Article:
Everyone is an expert on education

We should trust educational experts — not venture capitalists.

Trent M. Kays

 

When I was a child and in middle school, I discovered what it is to posture and pretend to know something. I vividly recall sitting in a video production class and trying to figure out something on a now antiquated video camera. I assured my teacher at the time that I knew how to work the camera. I assured her I was an expert on its use. After fiddling with the device for 20 minutes, she saw through my ruse. Yanking me out of my chair, she promptly scolded me for lying. She told me that I should never pretend to know something and waste everyone’s time.

That event was an important one in my life. My teacher told me that there are people who dedicate their lives to some things and, as such, know a lot about those things. She wasn’t mad or upset with me; she was just teaching me about life. Yet, we all know that there are some who never learned this lesson. They didn’t have the same luxury as me.

This story is particularly relevant to discussions of education in the U.S. That is, everyone — no matter their expertise — seems to be an authority on education. Given the democratic nature of our society, we tolerate this seeming perversion. We allow people who aren’t education experts to tell education experts how to do their jobs. We allow people who’ve never taught before to tell teachers how to do their jobs. Certainly, we need some oversight, and we need outside points of view; these things help us to not live in a vacuum. However, we have experts for a reason. Experts are the people to which we turn for advice because we know that they are an authority on the subject in question.

It seems too many people pretend to know how to work that video camera. Politicians, business magnates and venture capitalists have become the educational experts now. In the 21st century educational system, more stock seems to be put in the perspective of a venture capitalist than someone who is actually an expert on education.

Many educational startups are nothing more than glorified techno-utopist-aligned learning management systems aimed at a supposedly underserved market: online education. But, these startups aren’t really dedicated to education; they’re dedicated to profit. That’s a symptom of a capitalist economy. Some enterprising and business-savvy individual finds a hole and plugs it with millions of dollars and ill-formed ideas of how to “fix” education.

Make no mistake: Education is broken in this country, and it’s limping toward an agonizing death of a thousand cuts. The list of “experts” goes on: Bill and Melinda Gates, George Lucas, Mark Zuckerberg and other magnates are considered more worthy of voice on education than those involved with it. They want to make education the new business.

Education is hardly a business, yet that’s one of the main approaches being hailed for the crisis we find ourselves in. CEOs have declared that education needs to be reformed into a “profitable business.” We don’t need to look far to see what those “profitable businesses” look like. For-profit universities are some of the most unscrupulous and unethical businesses around. They take advantage of students and cast them aside. This is the future that America’s business magnates would have for education in this country. Perhaps most frustrating is that there are dedicated educators and researchers who are actively trying to change and improve education. But, their voices become minimized because they’re not millionaires, billionaires or have started a company in Silicon Valley.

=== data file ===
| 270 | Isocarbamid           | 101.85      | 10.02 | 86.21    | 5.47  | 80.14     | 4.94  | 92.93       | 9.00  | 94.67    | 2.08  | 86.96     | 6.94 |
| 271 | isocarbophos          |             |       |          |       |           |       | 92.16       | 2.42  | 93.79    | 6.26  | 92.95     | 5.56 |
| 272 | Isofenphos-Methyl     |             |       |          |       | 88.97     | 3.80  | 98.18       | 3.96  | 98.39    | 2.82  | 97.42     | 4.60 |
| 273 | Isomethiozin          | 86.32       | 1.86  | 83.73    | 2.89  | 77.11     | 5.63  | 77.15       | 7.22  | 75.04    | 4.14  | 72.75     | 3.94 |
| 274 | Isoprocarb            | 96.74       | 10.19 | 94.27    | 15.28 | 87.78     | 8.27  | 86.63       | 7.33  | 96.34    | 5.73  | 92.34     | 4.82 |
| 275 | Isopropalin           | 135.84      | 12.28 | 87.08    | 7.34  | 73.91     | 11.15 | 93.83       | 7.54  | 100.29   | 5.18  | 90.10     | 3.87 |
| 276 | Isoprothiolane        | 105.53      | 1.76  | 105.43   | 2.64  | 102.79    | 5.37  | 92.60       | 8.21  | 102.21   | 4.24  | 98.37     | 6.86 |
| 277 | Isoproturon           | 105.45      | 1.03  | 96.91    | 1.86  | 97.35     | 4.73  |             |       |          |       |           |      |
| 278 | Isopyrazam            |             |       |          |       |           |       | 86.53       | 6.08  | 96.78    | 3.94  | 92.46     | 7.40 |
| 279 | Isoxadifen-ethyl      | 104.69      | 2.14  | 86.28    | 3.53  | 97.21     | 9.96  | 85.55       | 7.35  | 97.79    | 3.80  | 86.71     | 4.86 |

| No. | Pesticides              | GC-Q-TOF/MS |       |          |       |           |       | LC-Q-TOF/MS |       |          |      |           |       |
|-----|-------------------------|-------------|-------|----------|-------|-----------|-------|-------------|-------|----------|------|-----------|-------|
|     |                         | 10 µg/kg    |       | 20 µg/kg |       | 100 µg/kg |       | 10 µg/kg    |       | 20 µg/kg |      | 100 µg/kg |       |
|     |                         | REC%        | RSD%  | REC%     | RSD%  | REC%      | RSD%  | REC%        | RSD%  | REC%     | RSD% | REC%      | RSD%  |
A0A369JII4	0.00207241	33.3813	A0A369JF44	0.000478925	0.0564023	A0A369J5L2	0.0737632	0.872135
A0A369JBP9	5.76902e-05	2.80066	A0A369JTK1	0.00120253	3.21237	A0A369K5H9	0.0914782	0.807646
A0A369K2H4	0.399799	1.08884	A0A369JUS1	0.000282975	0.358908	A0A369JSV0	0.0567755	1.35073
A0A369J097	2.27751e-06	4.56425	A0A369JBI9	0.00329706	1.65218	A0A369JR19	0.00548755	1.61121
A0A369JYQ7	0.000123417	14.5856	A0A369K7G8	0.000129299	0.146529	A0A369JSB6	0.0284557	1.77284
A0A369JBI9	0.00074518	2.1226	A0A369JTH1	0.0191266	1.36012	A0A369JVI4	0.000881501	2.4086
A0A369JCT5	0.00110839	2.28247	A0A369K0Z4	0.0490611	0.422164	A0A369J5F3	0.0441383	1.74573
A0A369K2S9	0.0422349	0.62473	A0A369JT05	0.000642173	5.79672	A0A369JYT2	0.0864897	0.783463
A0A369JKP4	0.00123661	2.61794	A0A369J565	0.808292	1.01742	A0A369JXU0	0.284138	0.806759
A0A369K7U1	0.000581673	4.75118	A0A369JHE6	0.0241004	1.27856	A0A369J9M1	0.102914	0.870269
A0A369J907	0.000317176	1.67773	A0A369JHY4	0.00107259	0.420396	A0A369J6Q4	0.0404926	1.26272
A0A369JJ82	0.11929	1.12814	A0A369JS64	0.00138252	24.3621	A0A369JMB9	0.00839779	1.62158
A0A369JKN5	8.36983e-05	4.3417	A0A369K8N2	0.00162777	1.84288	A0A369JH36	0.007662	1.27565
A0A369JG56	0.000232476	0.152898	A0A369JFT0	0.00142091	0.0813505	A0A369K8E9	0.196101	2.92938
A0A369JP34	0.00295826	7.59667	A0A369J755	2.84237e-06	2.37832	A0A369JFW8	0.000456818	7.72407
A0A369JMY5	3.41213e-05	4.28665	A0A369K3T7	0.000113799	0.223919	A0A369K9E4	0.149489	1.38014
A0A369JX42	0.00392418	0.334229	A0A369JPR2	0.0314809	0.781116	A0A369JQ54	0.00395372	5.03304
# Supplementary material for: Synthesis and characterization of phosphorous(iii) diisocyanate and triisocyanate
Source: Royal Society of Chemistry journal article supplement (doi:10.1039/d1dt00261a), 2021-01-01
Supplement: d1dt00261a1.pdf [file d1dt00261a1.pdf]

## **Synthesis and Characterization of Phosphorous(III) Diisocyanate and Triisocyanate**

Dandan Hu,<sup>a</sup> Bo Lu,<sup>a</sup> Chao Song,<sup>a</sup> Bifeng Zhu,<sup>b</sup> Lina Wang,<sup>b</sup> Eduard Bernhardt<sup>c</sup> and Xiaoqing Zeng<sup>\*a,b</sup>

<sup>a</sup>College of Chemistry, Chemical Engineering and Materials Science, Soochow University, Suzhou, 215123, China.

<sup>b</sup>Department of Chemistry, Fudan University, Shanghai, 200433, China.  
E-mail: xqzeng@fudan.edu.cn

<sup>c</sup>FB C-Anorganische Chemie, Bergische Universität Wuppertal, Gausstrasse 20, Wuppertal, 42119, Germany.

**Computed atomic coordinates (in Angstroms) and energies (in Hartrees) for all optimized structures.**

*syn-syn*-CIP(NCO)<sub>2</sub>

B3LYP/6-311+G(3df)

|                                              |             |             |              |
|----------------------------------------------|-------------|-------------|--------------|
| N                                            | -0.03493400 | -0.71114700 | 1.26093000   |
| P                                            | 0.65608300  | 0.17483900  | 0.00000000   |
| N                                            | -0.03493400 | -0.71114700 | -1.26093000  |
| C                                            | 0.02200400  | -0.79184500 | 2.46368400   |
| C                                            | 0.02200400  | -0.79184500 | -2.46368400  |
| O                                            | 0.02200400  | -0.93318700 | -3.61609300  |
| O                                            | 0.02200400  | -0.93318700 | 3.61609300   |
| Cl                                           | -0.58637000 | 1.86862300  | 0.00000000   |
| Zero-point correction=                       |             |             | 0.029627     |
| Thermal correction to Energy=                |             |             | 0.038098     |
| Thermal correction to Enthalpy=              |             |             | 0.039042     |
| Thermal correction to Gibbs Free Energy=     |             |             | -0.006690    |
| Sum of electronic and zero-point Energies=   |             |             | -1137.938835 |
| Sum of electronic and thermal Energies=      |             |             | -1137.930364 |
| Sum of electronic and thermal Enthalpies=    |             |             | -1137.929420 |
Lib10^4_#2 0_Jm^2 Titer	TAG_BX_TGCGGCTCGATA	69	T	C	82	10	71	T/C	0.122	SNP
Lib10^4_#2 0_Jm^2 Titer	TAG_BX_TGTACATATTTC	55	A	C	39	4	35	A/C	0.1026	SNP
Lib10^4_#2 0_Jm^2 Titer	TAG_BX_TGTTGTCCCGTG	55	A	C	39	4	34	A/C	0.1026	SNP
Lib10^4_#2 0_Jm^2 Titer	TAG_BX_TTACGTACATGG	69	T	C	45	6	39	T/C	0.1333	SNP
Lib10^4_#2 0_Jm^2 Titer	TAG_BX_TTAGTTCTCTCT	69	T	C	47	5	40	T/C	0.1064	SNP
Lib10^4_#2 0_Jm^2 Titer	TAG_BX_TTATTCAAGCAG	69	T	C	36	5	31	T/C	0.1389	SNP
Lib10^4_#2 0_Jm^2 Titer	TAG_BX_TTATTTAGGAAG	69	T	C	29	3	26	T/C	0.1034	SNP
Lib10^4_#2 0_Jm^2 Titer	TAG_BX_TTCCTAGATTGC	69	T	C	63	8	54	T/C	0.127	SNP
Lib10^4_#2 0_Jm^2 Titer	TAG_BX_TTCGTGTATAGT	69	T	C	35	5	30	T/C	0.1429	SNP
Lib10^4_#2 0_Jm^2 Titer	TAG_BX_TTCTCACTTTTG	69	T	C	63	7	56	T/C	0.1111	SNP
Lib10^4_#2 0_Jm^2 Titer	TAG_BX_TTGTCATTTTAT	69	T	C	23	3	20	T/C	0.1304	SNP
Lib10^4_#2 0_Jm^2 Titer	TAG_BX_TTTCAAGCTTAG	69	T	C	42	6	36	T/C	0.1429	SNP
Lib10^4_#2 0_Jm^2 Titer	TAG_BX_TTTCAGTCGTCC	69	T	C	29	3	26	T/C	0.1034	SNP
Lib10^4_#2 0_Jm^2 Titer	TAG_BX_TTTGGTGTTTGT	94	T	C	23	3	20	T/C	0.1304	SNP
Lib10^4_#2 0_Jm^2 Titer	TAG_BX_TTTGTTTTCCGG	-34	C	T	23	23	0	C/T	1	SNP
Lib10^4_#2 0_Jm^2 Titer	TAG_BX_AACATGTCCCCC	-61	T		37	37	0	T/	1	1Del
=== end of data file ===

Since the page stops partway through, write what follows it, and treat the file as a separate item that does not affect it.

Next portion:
Unfortunately, this may be the eventual end to a long and storied history. States are funneling money away from education, students are being taught more and more by underpaid and overworked teachers and students are continuing to be indoctrinated to be nothing more than simple test takers.

Of course, it doesn’t matter. We trust our politicians to tell us what’s wrong with education instead of people who actually study education. The problems of the education system certainly don’t have anything to do with cuts in financial support, antiquated tests that research shows don’t work, overworked teachers, an overburdened system, high tuition and a rise in cost of living without a comparable rise in the minimum wage. These things couldn’t possibly affect the education system, right?

We’re in trouble. I don’t think anyone would dispute this. The American educational system is slowly and painfully marching toward its demise. We must stop it. We must change it. But, I don’t think entrusting the most vital part of our future existence to individuals who often bet on the fluctuations of a capitalist market is a wise idea. Moreover, I don’t think entrusting shortsighted politicians worried about pleasing everyone should hold great sway either.

We need to start listening to our educational experts, our professors, our researchers and our students. We need to talk with them. Then, we need to talk to organizations outside of education and see how we can help students develop skills that will allow them to succeed. We shouldn’t outright trust those who are more comfortable selling stock shares off for profit than helping a student achieve a great future.

Our students are not stock shares to be traded on Wall Street, so let’s not treat them as such.